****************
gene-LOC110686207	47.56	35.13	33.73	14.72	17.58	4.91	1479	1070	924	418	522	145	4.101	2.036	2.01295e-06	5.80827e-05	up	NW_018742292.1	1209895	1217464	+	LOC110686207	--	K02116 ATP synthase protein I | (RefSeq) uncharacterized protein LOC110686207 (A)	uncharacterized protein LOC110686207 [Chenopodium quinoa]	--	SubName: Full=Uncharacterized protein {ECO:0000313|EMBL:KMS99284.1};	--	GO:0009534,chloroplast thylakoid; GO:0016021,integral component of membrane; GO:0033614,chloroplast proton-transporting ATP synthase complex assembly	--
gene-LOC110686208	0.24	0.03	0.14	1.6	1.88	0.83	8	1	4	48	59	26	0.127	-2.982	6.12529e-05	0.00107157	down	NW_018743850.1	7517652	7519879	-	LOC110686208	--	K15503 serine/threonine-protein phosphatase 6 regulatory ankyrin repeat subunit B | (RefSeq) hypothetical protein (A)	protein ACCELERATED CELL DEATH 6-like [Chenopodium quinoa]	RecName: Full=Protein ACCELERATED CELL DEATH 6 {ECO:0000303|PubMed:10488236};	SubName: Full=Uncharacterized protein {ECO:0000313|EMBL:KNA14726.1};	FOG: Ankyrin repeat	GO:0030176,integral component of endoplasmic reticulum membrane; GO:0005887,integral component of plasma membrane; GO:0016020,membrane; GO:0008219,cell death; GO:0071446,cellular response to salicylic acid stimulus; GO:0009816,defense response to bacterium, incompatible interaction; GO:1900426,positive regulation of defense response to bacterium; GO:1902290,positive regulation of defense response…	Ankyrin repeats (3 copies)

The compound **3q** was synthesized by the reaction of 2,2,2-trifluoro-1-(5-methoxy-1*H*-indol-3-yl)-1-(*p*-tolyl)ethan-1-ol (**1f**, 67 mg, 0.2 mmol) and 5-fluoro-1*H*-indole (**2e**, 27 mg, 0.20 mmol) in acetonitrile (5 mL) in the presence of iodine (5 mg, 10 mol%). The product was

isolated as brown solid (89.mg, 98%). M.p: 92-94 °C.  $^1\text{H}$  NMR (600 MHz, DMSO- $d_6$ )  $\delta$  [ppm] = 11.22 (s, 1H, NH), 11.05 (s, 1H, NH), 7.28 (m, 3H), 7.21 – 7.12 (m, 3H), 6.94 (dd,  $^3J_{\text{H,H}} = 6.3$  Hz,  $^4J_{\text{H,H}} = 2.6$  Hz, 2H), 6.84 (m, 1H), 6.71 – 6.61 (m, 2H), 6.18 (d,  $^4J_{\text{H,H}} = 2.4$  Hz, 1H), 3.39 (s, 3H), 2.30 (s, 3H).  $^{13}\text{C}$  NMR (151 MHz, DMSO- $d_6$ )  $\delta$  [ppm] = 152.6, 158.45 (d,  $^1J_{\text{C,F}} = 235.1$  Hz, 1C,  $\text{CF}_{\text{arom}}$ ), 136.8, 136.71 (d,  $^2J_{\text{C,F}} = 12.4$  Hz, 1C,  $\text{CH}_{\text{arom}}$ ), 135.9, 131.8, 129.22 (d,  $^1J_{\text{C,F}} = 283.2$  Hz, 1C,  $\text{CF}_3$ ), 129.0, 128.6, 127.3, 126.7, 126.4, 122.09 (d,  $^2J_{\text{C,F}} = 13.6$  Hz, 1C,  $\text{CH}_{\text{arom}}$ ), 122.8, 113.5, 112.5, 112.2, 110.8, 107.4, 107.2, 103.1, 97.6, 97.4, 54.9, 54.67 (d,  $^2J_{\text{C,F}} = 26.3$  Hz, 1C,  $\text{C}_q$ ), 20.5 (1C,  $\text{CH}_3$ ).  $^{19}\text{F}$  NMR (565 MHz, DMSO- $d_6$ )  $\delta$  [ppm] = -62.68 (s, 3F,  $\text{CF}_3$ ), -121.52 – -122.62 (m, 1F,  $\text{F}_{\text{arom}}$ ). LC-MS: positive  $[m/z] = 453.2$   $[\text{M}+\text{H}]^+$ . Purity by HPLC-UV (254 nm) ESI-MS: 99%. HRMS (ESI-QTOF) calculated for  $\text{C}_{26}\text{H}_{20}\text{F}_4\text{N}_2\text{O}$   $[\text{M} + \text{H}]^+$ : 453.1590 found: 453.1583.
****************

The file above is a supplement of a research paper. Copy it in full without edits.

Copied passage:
gene-LOC110686207	47.56	35.13	33.73	14.72	17.58	4.91	1479	1070	924	418	522	145	4.101	2.036	2.01295e-06	5.80827e-05	up	NW_018742292.1	1209895	1217464	+	LOC110686207	--	K02116 ATP synthase protein I | (RefSeq) uncharacterized protein LOC110686207 (A)	uncharacterized protein LOC110686207 [Chenopodium quinoa]	--	SubName: Full=Uncharacterized protein {ECO:0000313|EMBL:KMS99284.1};	--	GO:0009534,chloroplast thylakoid; GO:0016021,integral component of membrane; GO:0033614,chloroplast proton-transporting ATP synthase complex assembly	--
gene-LOC110686208	0.24	0.03	0.14	1.6	1.88	0.83	8	1	4	48	59	26	0.127	-2.982	6.12529e-05	0.00107157	down	NW_018743850.1	7517652	7519879	-	LOC110686208	--	K15503 serine/threonine-protein phosphatase 6 regulatory ankyrin repeat subunit B | (RefSeq) hypothetical protein (A)	protein ACCELERATED CELL DEATH 6-like [Chenopodium quinoa]	RecName: Full=Protein ACCELERATED CELL DEATH 6 {ECO:0000303|PubMed:10488236};	SubName: Full=Uncharacterized protein {ECO:0000313|EMBL:KNA14726.1};	FOG: Ankyrin repeat	GO:0030176,integral component of endoplasmic reticulum membrane; GO:0005887,integral component of plasma membrane; GO:0016020,membrane; GO:0008219,cell death; GO:0071446,cellular response to salicylic acid stimulus; GO:0009816,defense response to bacterium, incompatible interaction; GO:1900426,positive regulation of defense response to bacterium; GO:1902290,positive regulation of defense response…	Ankyrin repeats (3 copies)

The compound **3q** was synthesized by the reaction of 2,2,2-trifluoro-1-(5-methoxy-1*H*-indol-3-yl)-1-(*p*-tolyl)ethan-1-ol (**1f**, 67 mg, 0.2 mmol) and 5-fluoro-1*H*-indole (**2e**, 27 mg, 0.20 mmol) in acetonitrile (5 mL) in the presence of iodine (5 mg, 10 mol%). The product was

isolated as brown solid (89.mg, 98%). M.p: 92-94 °C.  $^1\text{H}$  NMR (600 MHz, DMSO- $d_6$ )  $\delta$  [ppm] = 11.22 (s, 1H, NH), 11.05 (s, 1H, NH), 7.28 (m, 3H), 7.21 – 7.12 (m, 3H), 6.94 (dd,  $^3J_{\text{H,H}} = 6.3$  Hz,  $^4J_{\text{H,H}} = 2.6$  Hz, 2H), 6.84 (m, 1H), 6.71 – 6.61 (m, 2H), 6.18 (d,  $^4J_{\text{H,H}} = 2.4$  Hz, 1H), 3.39 (s, 3H), 2.30 (s, 3H).  $^{13}\text{C}$  NMR (151 MHz, DMSO- $d_6$ )  $\delta$  [ppm] = 152.6, 158.45 (d,  $^1J_{\text{C,F}} = 235.1$  Hz, 1C,  $\text{CF}_{\text{arom}}$ ), 136.8, 136.71 (d,  $^2J_{\text{C,F}} = 12.4$  Hz, 1C,  $\text{CH}_{\text{arom}}$ ), 135.9, 131.8, 129.22 (d,  $^1J_{\text{C,F}} = 283.2$  Hz, 1C,  $\text{CF}_3$ ), 129.0, 128.6, 127.3, 126.7, 126.4, 122.09 (d,  $^2J_{\text{C,F}} = 13.6$  Hz, 1C,  $\text{CH}_{\text{arom}}$ ), 122.8, 113.5, 112.5, 112.2, 110.8, 107.4, 107.2, 103.1, 97.6, 97.4, 54.9, 54.67 (d,  $^2J_{\text{C,F}} = 26.3$  Hz, 1C,  $\text{C}_q$ ), 20.5 (1C,  $\text{CH}_3$ ).  $^{19}\text{F}$  NMR (565 MHz, DMSO- $d_6$ )  $\delta$  [ppm] = -62.68 (s, 3F,  $\text{CF}_3$ ), -121.52 – -122.62 (m, 1F,  $\text{F}_{\text{arom}}$ ). LC-MS: positive  $[m/z] = 453.2$   $[\text{M}+\text{H}]^+$ . Purity by HPLC-UV (254 nm) ESI-MS: 99%. HRMS (ESI-QTOF) calculated for  $\text{C}_{26}\text{H}_{20}\text{F}_4\text{N}_2\text{O}$   $[\text{M} + \text{H}]^+$ : 453.1590 found: 453.1583.